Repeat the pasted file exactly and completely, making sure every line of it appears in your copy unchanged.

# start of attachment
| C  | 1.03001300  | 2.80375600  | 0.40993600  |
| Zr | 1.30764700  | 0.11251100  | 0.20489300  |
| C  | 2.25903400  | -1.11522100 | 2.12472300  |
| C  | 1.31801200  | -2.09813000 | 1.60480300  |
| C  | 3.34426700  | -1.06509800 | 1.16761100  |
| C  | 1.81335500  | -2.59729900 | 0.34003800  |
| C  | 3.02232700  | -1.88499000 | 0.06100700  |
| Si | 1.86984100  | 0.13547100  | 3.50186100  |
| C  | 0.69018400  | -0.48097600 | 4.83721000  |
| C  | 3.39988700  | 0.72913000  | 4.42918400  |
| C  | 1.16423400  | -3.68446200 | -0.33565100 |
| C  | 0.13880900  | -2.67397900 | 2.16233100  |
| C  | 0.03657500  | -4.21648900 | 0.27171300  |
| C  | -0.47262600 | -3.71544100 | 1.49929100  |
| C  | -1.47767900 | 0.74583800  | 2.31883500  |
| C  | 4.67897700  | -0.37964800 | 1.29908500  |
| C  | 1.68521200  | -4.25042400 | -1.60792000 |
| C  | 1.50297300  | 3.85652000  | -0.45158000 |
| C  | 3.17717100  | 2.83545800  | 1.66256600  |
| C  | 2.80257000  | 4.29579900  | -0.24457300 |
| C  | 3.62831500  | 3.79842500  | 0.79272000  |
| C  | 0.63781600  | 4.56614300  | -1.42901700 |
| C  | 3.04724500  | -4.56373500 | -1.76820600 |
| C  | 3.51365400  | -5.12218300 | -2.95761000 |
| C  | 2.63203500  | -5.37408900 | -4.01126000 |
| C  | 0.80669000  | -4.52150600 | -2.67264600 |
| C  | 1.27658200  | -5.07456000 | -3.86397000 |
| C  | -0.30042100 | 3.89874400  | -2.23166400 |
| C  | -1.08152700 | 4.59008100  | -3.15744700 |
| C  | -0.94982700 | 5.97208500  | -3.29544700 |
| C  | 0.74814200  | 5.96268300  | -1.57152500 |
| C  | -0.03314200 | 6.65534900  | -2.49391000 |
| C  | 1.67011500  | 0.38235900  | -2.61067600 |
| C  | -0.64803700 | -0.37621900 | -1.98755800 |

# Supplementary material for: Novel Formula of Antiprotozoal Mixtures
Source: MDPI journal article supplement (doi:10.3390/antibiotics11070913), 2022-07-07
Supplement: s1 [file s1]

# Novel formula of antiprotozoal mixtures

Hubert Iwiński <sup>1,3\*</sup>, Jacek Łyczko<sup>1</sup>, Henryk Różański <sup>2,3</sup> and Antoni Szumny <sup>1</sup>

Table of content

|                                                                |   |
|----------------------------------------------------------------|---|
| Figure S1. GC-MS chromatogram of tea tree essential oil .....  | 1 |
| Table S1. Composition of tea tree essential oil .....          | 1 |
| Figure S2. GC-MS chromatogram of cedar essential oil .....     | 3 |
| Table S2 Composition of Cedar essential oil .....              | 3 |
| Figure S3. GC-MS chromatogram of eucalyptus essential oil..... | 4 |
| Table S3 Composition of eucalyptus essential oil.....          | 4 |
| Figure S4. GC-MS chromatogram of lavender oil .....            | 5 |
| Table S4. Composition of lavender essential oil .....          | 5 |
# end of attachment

| C  | 1.03001300  | 2.80375600  | 0.40993600  |
| Zr | 1.30764700  | 0.11251100  | 0.20489300  |
| C  | 2.25903400  | -1.11522100 | 2.12472300  |
| C  | 1.31801200  | -2.09813000 | 1.60480300  |
| C  | 3.34426700  | -1.06509800 | 1.16761100  |
| C  | 1.81335500  | -2.59729900 | 0.34003800  |
| C  | 3.02232700  | -1.88499000 | 0.06100700  |
| Si | 1.86984100  | 0.13547100  | 3.50186100  |
| C  | 0.69018400  | -0.48097600 | 4.83721000  |
| C  | 3.39988700  | 0.72913000  | 4.42918400  |
| C  | 1.16423400  | -3.68446200 | -0.33565100 |
| C  | 0.13880900  | -2.67397900 | 2.16233100  |
| C  | 0.03657500  | -4.21648900 | 0.27171300  |
| C  | -0.47262600 | -3.71544100 | 1.49929100  |
| C  | -1.47767900 | 0.74583800  | 2.31883500  |
| C  | 4.67897700  | -0.37964800 | 1.29908500  |
| C  | 1.68521200  | -4.25042400 | -1.60792000 |
| C  | 1.50297300  | 3.85652000  | -0.45158000 |
| C  | 3.17717100  | 2.83545800  | 1.66256600  |
| C  | 2.80257000  | 4.29579900  | -0.24457300 |
| C  | 3.62831500  | 3.79842500  | 0.79272000  |
| C  | 0.63781600  | 4.56614300  | -1.42901700 |
| C  | 3.04724500  | -4.56373500 | -1.76820600 |
| C  | 3.51365400  | -5.12218300 | -2.95761000 |
| C  | 2.63203500  | -5.37408900 | -4.01126000 |
| C  | 0.80669000  | -4.52150600 | -2.67264600 |
| C  | 1.27658200  | -5.07456000 | -3.86397000 |
| C  | -0.30042100 | 3.89874400  | -2.23166400 |
| C  | -1.08152700 | 4.59008100  | -3.15744700 |
| C  | -0.94982700 | 5.97208500  | -3.29544700 |
| C  | 0.74814200  | 5.96268300  | -1.57152500 |
| C  | -0.03314200 | 6.65534900  | -2.49391000 |
| C  | 1.67011500  | 0.38235900  | -2.61067600 |
| C  | -0.64803700 | -0.37621900 | -1.98755800 |

# Supplementary material for: Novel Formula of Antiprotozoal Mixtures
Source: MDPI journal article supplement (doi:10.3390/antibiotics11070913), 2022-07-07
Supplement: s1 [file s1]

# Novel formula of antiprotozoal mixtures

Hubert Iwiński <sup>1,3\*</sup>, Jacek Łyczko<sup>1</sup>, Henryk Różański <sup>2,3</sup> and Antoni Szumny <sup>1</sup>

Table of content

|                                                                |   |
|----------------------------------------------------------------|---|
| Figure S1. GC-MS chromatogram of tea tree essential oil .....  | 1 |
| Table S1. Composition of tea tree essential oil .....          | 1 |
| Figure S2. GC-MS chromatogram of cedar essential oil .....     | 3 |
| Table S2 Composition of Cedar essential oil .....              | 3 |
| Figure S3. GC-MS chromatogram of eucalyptus essential oil..... | 4 |
| Table S3 Composition of eucalyptus essential oil.....          | 4 |
| Figure S4. GC-MS chromatogram of lavender oil .....            | 5 |
| Table S4. Composition of lavender essential oil .....          | 5 |